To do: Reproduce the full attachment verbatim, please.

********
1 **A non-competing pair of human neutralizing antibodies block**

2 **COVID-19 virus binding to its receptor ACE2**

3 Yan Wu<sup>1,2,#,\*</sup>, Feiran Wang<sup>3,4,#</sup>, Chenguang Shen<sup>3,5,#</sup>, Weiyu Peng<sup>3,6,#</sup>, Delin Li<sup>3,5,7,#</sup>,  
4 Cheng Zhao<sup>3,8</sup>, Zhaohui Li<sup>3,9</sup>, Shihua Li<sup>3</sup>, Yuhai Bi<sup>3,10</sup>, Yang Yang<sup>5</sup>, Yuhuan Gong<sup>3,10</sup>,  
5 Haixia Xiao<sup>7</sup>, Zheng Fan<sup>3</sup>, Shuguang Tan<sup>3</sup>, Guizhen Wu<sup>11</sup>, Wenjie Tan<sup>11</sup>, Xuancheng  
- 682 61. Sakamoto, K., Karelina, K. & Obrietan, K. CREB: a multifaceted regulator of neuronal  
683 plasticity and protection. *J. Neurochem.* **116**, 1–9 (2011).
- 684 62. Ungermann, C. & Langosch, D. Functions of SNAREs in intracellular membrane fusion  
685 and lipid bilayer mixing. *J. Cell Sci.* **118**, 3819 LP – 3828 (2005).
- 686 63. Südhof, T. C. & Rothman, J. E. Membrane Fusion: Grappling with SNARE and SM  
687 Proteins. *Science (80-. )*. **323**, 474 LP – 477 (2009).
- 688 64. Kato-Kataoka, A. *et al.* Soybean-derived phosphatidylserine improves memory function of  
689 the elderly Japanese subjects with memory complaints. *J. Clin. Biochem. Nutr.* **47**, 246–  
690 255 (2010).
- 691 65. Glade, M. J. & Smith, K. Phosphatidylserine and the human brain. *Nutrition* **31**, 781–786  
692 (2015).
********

1 **A non-competing pair of human neutralizing antibodies block**

2 **COVID-19 virus binding to its receptor ACE2**

3 Yan Wu<sup>1,2,#,\*</sup>, Feiran Wang<sup>3,4,#</sup>, Chenguang Shen<sup>3,5,#</sup>, Weiyu Peng<sup>3,6,#</sup>, Delin Li<sup>3,5,7,#</sup>,  
4 Cheng Zhao<sup>3,8</sup>, Zhaohui Li<sup>3,9</sup>, Shihua Li<sup>3</sup>, Yuhai Bi<sup>3,10</sup>, Yang Yang<sup>5</sup>, Yuhuan Gong<sup>3,10</sup>,  
5 Haixia Xiao<sup>7</sup>, Zheng Fan<sup>3</sup>, Shuguang Tan<sup>3</sup>, Guizhen Wu<sup>11</sup>, Wenjie Tan<sup>11</sup>, Xuancheng  
- 682 61. Sakamoto, K., Karelina, K. & Obrietan, K. CREB: a multifaceted regulator of neuronal  
683 plasticity and protection. *J. Neurochem.* **116**, 1–9 (2011).
- 684 62. Ungermann, C. & Langosch, D. Functions of SNAREs in intracellular membrane fusion  
685 and lipid bilayer mixing. *J. Cell Sci.* **118**, 3819 LP – 3828 (2005).
- 686 63. Südhof, T. C. & Rothman, J. E. Membrane Fusion: Grappling with SNARE and SM  
687 Proteins. *Science (80-. )*. **323**, 474 LP – 477 (2009).
- 688 64. Kato-Kataoka, A. *et al.* Soybean-derived phosphatidylserine improves memory function of  
689 the elderly Japanese subjects with memory complaints. *J. Clin. Biochem. Nutr.* **47**, 246–  
690 255 (2010).
- 691 65. Glade, M. J. & Smith, K. Phosphatidylserine and the human brain. *Nutrition* **31**, 781–786  
692 (2015).